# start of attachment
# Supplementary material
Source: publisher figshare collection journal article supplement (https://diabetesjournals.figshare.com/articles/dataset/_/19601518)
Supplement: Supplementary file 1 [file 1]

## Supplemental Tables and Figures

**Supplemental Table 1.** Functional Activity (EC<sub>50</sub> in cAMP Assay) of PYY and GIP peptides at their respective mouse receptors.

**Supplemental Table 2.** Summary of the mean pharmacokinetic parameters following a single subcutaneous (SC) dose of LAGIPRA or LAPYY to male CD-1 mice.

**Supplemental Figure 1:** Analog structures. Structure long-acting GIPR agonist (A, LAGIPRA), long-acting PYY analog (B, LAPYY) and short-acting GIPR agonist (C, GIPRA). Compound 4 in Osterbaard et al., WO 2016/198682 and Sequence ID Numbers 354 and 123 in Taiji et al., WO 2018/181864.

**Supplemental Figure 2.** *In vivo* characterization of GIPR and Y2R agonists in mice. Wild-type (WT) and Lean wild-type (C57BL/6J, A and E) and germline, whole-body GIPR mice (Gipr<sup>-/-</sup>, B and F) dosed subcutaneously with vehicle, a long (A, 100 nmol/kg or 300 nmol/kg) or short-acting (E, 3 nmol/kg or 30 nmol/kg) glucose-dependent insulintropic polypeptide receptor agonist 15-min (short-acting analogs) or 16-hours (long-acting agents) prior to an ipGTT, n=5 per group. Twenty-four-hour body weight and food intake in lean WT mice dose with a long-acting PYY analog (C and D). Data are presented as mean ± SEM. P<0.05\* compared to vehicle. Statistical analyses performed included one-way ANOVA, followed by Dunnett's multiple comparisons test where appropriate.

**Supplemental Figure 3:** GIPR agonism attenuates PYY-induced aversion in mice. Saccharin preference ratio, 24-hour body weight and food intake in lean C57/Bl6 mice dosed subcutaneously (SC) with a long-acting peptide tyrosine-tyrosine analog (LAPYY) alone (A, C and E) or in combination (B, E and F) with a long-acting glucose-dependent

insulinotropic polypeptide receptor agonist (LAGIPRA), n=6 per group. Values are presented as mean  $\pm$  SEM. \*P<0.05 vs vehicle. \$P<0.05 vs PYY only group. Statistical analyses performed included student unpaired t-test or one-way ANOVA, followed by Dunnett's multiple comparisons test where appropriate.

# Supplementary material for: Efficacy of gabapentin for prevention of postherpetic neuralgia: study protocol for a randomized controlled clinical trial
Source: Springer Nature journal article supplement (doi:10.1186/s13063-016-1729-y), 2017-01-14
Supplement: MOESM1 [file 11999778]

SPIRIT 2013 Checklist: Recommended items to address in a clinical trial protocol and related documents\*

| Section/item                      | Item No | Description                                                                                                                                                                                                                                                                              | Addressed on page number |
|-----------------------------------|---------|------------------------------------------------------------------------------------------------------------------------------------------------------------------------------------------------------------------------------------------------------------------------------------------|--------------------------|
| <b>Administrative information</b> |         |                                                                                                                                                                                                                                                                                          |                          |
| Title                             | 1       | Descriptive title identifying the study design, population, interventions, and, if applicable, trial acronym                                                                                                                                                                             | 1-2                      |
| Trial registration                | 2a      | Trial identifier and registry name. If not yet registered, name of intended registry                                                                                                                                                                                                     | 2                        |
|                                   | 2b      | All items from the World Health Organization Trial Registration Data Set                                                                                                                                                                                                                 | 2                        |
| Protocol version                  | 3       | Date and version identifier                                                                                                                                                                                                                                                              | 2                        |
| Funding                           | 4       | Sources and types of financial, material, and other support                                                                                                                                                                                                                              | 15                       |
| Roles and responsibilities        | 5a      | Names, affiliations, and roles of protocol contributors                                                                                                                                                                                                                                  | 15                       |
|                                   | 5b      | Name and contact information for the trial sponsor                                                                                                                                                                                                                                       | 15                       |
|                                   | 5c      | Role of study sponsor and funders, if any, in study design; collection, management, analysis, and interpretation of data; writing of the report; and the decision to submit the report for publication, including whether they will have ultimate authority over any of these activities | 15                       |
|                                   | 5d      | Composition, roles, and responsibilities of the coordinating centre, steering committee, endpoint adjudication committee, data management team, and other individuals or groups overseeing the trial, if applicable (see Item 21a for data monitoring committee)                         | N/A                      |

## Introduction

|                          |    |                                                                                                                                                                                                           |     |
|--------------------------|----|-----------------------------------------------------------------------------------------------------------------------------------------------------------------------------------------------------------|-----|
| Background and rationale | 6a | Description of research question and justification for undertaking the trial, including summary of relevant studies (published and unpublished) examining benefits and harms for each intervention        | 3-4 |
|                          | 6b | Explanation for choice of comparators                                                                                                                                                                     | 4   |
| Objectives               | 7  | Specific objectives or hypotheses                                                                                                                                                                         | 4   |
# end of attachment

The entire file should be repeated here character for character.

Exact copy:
# Supplementary material
Source: publisher figshare collection journal article supplement (https://diabetesjournals.figshare.com/articles/dataset/_/19601518)
Supplement: Supplementary file 1 [file 1]

## Supplemental Tables and Figures

**Supplemental Table 1.** Functional Activity (EC<sub>50</sub> in cAMP Assay) of PYY and GIP peptides at their respective mouse receptors.

**Supplemental Table 2.** Summary of the mean pharmacokinetic parameters following a single subcutaneous (SC) dose of LAGIPRA or LAPYY to male CD-1 mice.

**Supplemental Figure 1:** Analog structures. Structure long-acting GIPR agonist (A, LAGIPRA), long-acting PYY analog (B, LAPYY) and short-acting GIPR agonist (C, GIPRA). Compound 4 in Osterbaard et al., WO 2016/198682 and Sequence ID Numbers 354 and 123 in Taiji et al., WO 2018/181864.

**Supplemental Figure 2.** *In vivo* characterization of GIPR and Y2R agonists in mice. Wild-type (WT) and Lean wild-type (C57BL/6J, A and E) and germline, whole-body GIPR mice (Gipr<sup>-/-</sup>, B and F) dosed subcutaneously with vehicle, a long (A, 100 nmol/kg or 300 nmol/kg) or short-acting (E, 3 nmol/kg or 30 nmol/kg) glucose-dependent insulintropic polypeptide receptor agonist 15-min (short-acting analogs) or 16-hours (long-acting agents) prior to an ipGTT, n=5 per group. Twenty-four-hour body weight and food intake in lean WT mice dose with a long-acting PYY analog (C and D). Data are presented as mean ± SEM. P<0.05\* compared to vehicle. Statistical analyses performed included one-way ANOVA, followed by Dunnett's multiple comparisons test where appropriate.

**Supplemental Figure 3:** GIPR agonism attenuates PYY-induced aversion in mice. Saccharin preference ratio, 24-hour body weight and food intake in lean C57/Bl6 mice dosed subcutaneously (SC) with a long-acting peptide tyrosine-tyrosine analog (LAPYY) alone (A, C and E) or in combination (B, E and F) with a long-acting glucose-dependent

insulinotropic polypeptide receptor agonist (LAGIPRA), n=6 per group. Values are presented as mean  $\pm$  SEM. \*P<0.05 vs vehicle. \$P<0.05 vs PYY only group. Statistical analyses performed included student unpaired t-test or one-way ANOVA, followed by Dunnett's multiple comparisons test where appropriate.

# Supplementary material for: Efficacy of gabapentin for prevention of postherpetic neuralgia: study protocol for a randomized controlled clinical trial
Source: Springer Nature journal article supplement (doi:10.1186/s13063-016-1729-y), 2017-01-14
Supplement: MOESM1 [file 11999778]

SPIRIT 2013 Checklist: Recommended items to address in a clinical trial protocol and related documents\*

| Section/item                      | Item No | Description                                                                                                                                                                                                                                                                              | Addressed on page number |
|-----------------------------------|---------|------------------------------------------------------------------------------------------------------------------------------------------------------------------------------------------------------------------------------------------------------------------------------------------|--------------------------|
| <b>Administrative information</b> |         |                                                                                                                                                                                                                                                                                          |                          |
| Title                             | 1       | Descriptive title identifying the study design, population, interventions, and, if applicable, trial acronym                                                                                                                                                                             | 1-2                      |
| Trial registration                | 2a      | Trial identifier and registry name. If not yet registered, name of intended registry                                                                                                                                                                                                     | 2                        |
|                                   | 2b      | All items from the World Health Organization Trial Registration Data Set                                                                                                                                                                                                                 | 2                        |
| Protocol version                  | 3       | Date and version identifier                                                                                                                                                                                                                                                              | 2                        |
| Funding                           | 4       | Sources and types of financial, material, and other support                                                                                                                                                                                                                              | 15                       |
| Roles and responsibilities        | 5a      | Names, affiliations, and roles of protocol contributors                                                                                                                                                                                                                                  | 15                       |
|                                   | 5b      | Name and contact information for the trial sponsor                                                                                                                                                                                                                                       | 15                       |
|                                   | 5c      | Role of study sponsor and funders, if any, in study design; collection, management, analysis, and interpretation of data; writing of the report; and the decision to submit the report for publication, including whether they will have ultimate authority over any of these activities | 15                       |
|                                   | 5d      | Composition, roles, and responsibilities of the coordinating centre, steering committee, endpoint adjudication committee, data management team, and other individuals or groups overseeing the trial, if applicable (see Item 21a for data monitoring committee)                         | N/A                      |

## Introduction

|                          |    |                                                                                                                                                                                                           |     |
|--------------------------|----|-----------------------------------------------------------------------------------------------------------------------------------------------------------------------------------------------------------|-----|
| Background and rationale | 6a | Description of research question and justification for undertaking the trial, including summary of relevant studies (published and unpublished) examining benefits and harms for each intervention        | 3-4 |
|                          | 6b | Explanation for choice of comparators                                                                                                                                                                     | 4   |
| Objectives               | 7  | Specific objectives or hypotheses                                                                                                                                                                         | 4   |